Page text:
Many people desperate to cross the border pay large sums of money to human smugglers who guarantee their entrance into the U.S. Our Nation witnessed the extreme danger of human smugglers first hand in May when 100 people were found packed into a tractor trailer truck at a truck stop in Victoria, TX. These people, abandoned by their smugglers, were trapped for hours in the extreme desert heat. Nineteen people died as a result.

   These are not merely numbers, these figures represent men, women, and children. This unnecessary loss of human life deserves our Nation's attention and should compel all of us to action. Our current border and immigration policies create a contradictory situation whereby we attempt to keep people from crossing our borders illegally but reward those who survive the dangerous journey with bountiful employment opportunities. This system is not sustainable.

   In addition to the human tragedy, this mass migration also represents a threat to our national security. Although over 99 percent of the people crossing our borders do not intend to harm Americans, we must be cognizant of the fact that a small number do. As long as we are unable to control and monitor who enters our country and what they bring in, Americans will not be safe. We must establish a system by which to allow people seeking work to enter the country in a safe manner, through controlled ports of entry--freeing up Federal agents to monitor the border and focus their efforts on the individuals who do pose a potential threat to our national security.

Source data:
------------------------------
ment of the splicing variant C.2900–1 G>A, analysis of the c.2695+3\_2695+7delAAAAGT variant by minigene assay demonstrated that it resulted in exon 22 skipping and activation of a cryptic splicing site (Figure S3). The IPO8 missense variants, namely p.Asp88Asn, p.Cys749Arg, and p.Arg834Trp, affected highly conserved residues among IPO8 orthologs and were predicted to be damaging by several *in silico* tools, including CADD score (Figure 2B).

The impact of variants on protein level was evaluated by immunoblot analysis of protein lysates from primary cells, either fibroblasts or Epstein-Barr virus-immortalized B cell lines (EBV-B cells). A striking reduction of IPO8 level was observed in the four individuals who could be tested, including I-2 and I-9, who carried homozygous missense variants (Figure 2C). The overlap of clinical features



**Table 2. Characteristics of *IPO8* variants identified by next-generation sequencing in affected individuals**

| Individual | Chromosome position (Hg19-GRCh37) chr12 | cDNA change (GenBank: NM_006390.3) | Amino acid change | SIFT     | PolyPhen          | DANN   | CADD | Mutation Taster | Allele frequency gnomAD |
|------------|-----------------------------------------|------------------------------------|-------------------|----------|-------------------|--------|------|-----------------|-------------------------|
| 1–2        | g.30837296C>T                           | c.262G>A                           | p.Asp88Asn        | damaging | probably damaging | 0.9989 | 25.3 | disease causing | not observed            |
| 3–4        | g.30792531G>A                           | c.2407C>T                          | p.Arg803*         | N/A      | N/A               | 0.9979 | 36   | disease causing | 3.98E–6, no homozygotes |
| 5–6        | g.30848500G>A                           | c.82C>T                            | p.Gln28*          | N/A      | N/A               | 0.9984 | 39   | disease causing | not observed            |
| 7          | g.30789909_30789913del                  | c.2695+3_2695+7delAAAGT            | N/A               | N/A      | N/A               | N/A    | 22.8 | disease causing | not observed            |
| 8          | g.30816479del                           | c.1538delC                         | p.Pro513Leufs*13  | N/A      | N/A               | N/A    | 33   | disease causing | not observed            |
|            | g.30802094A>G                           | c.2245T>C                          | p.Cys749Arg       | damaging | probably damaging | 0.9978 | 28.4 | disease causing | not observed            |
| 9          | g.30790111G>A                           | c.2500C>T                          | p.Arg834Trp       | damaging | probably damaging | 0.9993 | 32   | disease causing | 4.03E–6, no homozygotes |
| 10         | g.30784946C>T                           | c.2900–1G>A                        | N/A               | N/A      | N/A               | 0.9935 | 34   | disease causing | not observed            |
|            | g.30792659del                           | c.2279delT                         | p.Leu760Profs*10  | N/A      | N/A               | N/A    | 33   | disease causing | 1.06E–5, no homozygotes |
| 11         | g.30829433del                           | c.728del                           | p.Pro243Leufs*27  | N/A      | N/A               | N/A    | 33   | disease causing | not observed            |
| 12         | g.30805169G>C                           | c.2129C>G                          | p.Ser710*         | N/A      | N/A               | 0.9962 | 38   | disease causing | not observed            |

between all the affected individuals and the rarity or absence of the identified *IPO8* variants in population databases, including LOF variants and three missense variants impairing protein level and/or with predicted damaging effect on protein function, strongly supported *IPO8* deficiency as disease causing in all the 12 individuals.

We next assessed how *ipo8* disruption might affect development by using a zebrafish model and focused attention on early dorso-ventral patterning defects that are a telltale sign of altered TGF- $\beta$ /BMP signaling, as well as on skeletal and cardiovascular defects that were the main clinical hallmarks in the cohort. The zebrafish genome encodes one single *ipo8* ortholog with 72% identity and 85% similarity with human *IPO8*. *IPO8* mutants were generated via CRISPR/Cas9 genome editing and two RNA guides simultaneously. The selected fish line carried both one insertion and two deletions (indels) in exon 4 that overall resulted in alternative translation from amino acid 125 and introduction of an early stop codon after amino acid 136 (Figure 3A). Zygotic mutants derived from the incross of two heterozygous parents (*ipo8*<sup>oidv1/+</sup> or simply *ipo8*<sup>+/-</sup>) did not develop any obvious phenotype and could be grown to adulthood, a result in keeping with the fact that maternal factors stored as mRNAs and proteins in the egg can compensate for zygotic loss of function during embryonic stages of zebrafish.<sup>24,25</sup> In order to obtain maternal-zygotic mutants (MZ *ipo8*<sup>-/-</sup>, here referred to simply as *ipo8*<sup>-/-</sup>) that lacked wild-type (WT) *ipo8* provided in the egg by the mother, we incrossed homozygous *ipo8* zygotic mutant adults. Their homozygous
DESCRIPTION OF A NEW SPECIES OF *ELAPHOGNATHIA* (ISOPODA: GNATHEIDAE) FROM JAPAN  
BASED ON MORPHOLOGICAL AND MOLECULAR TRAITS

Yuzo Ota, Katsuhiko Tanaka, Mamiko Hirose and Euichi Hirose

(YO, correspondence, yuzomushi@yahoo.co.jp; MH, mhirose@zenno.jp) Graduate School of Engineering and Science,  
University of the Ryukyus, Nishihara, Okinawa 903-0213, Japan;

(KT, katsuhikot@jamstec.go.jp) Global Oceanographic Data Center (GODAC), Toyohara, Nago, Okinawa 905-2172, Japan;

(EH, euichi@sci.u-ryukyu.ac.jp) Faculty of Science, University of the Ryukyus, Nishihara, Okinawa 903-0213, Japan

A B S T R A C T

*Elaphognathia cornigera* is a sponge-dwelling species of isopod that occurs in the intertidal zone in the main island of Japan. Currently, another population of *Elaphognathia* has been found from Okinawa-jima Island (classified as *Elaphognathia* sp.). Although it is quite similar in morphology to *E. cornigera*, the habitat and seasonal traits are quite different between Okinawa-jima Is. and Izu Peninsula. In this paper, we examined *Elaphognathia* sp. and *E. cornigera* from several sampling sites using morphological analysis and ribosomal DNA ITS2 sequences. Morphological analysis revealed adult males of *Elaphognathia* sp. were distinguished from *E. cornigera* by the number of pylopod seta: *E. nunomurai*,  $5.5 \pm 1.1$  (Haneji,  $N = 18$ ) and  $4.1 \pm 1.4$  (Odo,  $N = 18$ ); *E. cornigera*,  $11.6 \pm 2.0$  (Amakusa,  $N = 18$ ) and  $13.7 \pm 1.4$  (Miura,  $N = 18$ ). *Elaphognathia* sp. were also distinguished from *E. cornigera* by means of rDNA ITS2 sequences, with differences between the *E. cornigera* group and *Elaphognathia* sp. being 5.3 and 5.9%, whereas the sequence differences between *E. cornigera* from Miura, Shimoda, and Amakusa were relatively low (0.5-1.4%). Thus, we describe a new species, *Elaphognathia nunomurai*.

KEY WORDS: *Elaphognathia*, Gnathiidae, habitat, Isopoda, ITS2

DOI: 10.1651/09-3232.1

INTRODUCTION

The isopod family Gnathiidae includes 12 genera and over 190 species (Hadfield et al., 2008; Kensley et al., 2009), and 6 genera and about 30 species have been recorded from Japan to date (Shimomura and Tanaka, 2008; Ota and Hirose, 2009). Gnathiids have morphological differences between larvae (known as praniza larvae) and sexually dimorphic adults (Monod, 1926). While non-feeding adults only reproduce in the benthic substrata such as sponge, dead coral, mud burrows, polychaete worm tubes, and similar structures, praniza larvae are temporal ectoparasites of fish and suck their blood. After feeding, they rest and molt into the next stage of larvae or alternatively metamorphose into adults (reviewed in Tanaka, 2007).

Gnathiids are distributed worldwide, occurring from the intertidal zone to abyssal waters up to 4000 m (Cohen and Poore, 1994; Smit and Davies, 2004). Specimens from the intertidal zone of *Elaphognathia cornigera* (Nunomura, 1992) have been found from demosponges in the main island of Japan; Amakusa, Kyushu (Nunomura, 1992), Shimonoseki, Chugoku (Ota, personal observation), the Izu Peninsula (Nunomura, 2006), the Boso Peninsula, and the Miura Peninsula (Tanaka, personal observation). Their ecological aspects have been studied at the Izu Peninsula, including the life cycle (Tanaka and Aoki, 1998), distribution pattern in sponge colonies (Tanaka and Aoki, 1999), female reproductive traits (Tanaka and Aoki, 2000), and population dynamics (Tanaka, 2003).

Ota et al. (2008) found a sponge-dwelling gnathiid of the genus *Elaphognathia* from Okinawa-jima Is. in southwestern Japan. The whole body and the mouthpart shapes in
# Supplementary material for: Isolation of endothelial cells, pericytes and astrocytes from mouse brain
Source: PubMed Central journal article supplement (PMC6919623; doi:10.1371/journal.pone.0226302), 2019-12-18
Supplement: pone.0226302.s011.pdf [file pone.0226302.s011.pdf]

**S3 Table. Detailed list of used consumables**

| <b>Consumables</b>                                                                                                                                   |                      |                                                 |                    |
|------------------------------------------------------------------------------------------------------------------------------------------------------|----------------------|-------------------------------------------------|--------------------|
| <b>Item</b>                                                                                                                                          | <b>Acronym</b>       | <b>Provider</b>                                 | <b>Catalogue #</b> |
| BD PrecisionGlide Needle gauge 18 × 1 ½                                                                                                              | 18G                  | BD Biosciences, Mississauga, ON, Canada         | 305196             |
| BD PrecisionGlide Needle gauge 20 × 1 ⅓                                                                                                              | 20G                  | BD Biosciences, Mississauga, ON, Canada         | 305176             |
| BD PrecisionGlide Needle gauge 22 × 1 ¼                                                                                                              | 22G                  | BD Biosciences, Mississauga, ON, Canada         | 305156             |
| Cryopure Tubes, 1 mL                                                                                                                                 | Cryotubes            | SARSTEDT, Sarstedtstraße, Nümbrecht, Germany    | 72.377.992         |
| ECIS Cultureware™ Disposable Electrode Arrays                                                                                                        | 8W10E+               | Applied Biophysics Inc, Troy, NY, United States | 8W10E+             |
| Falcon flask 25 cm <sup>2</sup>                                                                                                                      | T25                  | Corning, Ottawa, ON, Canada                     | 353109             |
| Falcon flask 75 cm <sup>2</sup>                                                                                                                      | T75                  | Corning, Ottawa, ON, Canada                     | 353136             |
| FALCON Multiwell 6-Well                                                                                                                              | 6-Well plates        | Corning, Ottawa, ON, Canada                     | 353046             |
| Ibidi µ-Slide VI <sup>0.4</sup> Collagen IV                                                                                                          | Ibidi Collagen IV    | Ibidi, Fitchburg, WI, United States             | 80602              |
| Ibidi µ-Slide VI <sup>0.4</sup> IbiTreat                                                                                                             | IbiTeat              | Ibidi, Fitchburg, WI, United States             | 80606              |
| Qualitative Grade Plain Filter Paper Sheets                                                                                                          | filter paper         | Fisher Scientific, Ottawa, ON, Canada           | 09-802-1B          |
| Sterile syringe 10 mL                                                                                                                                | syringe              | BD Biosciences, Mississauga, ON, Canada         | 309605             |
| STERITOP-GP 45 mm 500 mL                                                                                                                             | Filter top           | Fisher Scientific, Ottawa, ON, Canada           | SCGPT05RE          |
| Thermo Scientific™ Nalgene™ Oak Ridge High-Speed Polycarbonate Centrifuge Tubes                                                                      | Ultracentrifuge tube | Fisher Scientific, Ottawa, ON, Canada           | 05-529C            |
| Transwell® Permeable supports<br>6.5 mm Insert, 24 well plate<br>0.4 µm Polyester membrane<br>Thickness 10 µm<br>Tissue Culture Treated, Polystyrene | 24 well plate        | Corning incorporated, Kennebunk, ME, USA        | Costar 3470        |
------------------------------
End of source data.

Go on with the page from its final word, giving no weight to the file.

We can no longer afford to bury our heads in the sand and expect this problem to go away. Anyone who has visited the border and seen the challenges we face first hand or who hears of the number of unnecessary deaths, must recognize that we can no longer ignore this problem. It is time we dispense with partisan politics and put human lives and our national security above special interest groups. I hold no illusions. Reforming our Nation's immigration laws will not be an easy task. This will be a long and arduous process, however we must not let the difficulty dissuade us from trying, and this legislation represents a meaningful first step. I am committed to this issue and to working towards a balanced solution to this crisis.

   I ask unanimous consent that the text of the bill be printed in the RECORD.